“Are you a veteran?”

The chipper volunteer didn’t ask that to any of the men sitting in the Veterans Administration Hospital, but she asked Tonya Gonzales.

“They just assume that you’re with a man,” Gonzales said, her golden locks glistening in the late morning sunlight on the deck of her Hamilton Lake home.

Gonzales — who in July marked 20 years with the Air National Guard — has three associate degrees and a bachelor’s degree and works full time as the chief compliance officer for a children’s facility in Fort Wayne. She raised her two children as a single mother through weekend training and four deployments.

“Everything has revolved around my military schedule,” Gonzales said.

Friday, she learned she was being considered for a chief position, which would allow her to advance to the top tier of the National Guard. She has held the rank of first sergeant the past seven years and has been honored as first sergeant of the year by the The 434th Air Refueling Wing, the largest KC-135R Stratotanker unit in the Air Force Reserve Command.


Bullets whizzed through a hot wall of dust as Gonzales exited an aircraft at the foreign base, her belongings strapped to her back. Separated from her unit, she knew no one at the medical facility in Kirkuk where she would serve as night shift supervisor.

“I didn’t sleep very much,” Gonzales said of her 2007 deployment. “It was after that deployment it started to get real.”

Her children were getting older; her son in middle school and both of them unhappy with her deployment. She credits her parents, who cared for her two children when she was gone, and St. John the Baptist Parish in Fort Wayne for helping keep her family strong.

“We had limited phone calls,” Gonzales said. They communicated mainly through email.

A registered respiratory therapist, Gonzales did medical duty during her early years in the National Guard, serving in its security forces and maintenance division in her later years.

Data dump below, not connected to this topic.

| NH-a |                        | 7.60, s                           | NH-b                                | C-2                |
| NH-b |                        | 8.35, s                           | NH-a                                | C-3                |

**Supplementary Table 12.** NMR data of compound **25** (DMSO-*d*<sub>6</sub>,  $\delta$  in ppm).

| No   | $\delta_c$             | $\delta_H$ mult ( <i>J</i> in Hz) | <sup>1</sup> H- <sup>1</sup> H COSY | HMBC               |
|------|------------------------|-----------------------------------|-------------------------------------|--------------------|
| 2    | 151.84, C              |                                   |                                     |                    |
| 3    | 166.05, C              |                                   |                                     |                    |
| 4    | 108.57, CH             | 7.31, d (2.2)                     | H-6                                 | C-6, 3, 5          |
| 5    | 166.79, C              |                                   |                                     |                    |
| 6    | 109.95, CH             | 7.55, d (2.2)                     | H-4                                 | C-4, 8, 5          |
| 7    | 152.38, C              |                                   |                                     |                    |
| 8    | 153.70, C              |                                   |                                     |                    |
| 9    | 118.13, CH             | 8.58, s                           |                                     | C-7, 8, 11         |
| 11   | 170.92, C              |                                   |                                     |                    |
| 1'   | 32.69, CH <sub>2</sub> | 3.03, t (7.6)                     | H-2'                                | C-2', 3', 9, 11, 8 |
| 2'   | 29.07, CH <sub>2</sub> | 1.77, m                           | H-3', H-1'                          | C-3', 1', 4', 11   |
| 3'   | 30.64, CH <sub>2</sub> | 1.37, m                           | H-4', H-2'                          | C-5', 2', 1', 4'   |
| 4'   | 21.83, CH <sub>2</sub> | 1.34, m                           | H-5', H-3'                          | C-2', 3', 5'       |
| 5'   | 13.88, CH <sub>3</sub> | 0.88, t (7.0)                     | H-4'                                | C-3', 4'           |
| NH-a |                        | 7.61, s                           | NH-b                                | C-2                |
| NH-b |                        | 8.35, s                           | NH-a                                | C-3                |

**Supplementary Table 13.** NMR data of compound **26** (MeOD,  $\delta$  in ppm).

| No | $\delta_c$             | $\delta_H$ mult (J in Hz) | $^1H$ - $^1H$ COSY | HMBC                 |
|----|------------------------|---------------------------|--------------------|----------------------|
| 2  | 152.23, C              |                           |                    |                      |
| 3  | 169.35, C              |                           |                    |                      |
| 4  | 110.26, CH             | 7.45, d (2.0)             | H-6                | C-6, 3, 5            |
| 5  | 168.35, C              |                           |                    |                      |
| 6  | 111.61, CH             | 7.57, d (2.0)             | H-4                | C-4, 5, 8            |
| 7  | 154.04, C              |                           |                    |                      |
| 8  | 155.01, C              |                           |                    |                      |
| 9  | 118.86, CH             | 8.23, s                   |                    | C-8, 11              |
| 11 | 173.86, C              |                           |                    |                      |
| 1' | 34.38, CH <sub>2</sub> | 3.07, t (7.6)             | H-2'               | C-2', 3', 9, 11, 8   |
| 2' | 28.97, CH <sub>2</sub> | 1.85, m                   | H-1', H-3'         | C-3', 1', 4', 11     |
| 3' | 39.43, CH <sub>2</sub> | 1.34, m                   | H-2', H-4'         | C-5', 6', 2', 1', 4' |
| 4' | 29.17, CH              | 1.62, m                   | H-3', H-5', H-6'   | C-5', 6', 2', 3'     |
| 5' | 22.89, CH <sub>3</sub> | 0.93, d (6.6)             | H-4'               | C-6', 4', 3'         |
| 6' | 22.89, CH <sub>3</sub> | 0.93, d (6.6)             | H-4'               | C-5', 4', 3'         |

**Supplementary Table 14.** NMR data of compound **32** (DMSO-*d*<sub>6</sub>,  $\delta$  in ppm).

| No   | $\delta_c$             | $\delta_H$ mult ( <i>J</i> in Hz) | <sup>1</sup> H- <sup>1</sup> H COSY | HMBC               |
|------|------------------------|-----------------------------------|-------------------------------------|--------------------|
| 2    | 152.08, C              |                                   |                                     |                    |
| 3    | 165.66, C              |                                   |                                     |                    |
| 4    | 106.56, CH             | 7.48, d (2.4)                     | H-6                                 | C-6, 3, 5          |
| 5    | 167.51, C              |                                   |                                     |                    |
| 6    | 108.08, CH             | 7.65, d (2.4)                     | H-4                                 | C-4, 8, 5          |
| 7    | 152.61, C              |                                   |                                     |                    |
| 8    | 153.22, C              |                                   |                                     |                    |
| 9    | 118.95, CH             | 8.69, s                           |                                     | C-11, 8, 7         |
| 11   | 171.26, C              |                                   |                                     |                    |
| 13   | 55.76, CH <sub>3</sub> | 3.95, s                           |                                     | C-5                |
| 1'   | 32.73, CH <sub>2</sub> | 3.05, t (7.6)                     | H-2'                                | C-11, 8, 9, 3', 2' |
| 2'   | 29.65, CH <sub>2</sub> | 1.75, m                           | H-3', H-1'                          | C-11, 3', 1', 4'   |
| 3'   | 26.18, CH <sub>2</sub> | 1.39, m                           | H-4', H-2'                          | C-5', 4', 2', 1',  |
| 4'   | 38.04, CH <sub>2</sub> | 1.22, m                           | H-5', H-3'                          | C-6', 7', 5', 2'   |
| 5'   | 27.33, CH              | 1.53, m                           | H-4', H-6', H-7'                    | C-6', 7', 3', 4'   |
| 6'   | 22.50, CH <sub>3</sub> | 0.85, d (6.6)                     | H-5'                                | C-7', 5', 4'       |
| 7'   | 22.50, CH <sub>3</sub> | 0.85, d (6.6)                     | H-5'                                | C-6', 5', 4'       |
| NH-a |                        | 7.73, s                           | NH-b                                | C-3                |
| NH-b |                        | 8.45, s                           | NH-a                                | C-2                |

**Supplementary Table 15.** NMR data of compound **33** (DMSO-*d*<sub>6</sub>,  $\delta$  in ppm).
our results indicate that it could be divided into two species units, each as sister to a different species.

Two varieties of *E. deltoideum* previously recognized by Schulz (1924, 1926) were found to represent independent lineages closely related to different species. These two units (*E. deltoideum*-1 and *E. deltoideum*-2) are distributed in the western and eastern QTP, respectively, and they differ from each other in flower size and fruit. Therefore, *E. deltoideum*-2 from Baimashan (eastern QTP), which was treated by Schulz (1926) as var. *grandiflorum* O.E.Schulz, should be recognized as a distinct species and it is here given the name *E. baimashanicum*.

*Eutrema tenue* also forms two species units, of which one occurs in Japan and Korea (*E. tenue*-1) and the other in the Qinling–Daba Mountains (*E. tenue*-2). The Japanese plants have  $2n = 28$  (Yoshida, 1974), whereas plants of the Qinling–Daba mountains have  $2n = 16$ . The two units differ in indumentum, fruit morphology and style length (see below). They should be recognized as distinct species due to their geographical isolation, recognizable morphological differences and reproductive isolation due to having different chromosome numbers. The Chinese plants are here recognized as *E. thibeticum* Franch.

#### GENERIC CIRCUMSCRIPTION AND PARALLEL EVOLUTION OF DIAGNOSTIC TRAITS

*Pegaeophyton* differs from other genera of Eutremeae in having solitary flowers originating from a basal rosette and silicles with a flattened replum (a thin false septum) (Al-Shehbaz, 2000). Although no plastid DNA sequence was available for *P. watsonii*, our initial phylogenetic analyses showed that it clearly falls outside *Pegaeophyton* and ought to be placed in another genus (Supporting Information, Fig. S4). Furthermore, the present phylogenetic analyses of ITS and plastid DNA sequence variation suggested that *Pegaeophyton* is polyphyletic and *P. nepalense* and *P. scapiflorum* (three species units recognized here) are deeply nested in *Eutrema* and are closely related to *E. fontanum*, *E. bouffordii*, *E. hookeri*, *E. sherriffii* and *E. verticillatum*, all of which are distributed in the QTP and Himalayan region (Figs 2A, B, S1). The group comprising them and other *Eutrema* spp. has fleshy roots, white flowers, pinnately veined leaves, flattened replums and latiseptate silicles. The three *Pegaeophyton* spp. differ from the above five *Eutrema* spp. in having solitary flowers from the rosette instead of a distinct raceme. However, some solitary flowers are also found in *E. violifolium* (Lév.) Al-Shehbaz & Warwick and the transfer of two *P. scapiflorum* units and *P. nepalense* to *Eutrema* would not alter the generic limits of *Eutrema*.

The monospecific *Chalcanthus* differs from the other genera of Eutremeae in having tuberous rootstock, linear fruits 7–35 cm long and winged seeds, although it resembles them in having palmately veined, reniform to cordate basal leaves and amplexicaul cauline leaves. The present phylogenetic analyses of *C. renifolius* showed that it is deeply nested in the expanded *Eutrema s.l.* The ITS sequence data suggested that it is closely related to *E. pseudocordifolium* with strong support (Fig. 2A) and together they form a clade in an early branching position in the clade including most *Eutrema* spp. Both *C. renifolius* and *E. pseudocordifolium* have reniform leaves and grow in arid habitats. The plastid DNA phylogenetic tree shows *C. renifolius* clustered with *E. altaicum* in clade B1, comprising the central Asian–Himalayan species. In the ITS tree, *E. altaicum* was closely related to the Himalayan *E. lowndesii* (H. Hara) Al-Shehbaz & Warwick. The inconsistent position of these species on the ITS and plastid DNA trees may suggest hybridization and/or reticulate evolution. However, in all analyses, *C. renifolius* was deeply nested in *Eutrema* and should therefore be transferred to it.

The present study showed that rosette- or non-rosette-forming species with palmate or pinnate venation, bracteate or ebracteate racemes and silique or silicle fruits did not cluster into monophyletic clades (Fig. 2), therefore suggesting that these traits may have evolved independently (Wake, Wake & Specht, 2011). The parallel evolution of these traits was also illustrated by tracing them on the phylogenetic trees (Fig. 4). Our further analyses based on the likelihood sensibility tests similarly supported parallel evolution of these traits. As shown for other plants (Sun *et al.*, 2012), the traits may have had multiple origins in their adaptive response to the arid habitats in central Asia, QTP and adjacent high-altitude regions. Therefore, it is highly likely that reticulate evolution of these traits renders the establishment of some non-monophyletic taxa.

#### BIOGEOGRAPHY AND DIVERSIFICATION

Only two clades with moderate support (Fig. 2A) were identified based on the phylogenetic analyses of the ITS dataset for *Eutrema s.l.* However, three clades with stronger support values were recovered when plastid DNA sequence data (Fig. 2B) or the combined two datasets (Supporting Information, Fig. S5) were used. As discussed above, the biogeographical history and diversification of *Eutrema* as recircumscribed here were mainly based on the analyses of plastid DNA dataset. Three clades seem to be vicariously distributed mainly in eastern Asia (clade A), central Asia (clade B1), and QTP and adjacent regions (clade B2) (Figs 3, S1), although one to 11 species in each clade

During that ’07 deployment, Gonzales was lonely and in one of the most dangerous regions of the world.

“I came back, my son was a lot taller,” she said. “I missed that ... It was very hard on my family ... The kids were fighting. The kids were stressed out.”

Her son, Brenden, and daughter, Taylor, are now grown and living independent lives. Gonzales delights in her two grandchildren.


Gonzales joined the National Guard after her divorce. She was working for a Fort Wayne dentist, who encouraged her to enlist when her children were 4 and 5 years old. She did it for the extra income and benefits.

“In basic training I was the oldest,” she said. “I was 23 years old.”

She picked the National Guard because it allowed a furlough between basic training and other education and service. She’s done four deployments, the first two to Iraq.

“My view on patriotism has changed,” she said. “I’ve seen a lot over the 20 years that has changed me, it’s molded me.”

There are 408,790 veterans in Indiana. Of those, more than 6 percent are female. They serve on a variety of details in active duty, said Steuben County Veterans Service Officer Alex Dobson, from medical professionals to convoy leaders in war zones.

Gonzales did a tour in Quatar and not long ago completed another in the Middle Eastern theater.

Looking for a change, Gonzales bought a spacious house on Hamilton Lake three years ago. With her job and her military service, her time is still structured, and she notes concern about the void that might be left when she retires from the National Guard.

When she wears her uniform, she said many people take the time to thank her for her service. In plain clothes, she is rarely pegged for a soldier.

She said she’s learned not to let it break her down or make her feel less respected. With strength, patriotism, resilience and drive, Gonzales will keep living for the American dream.

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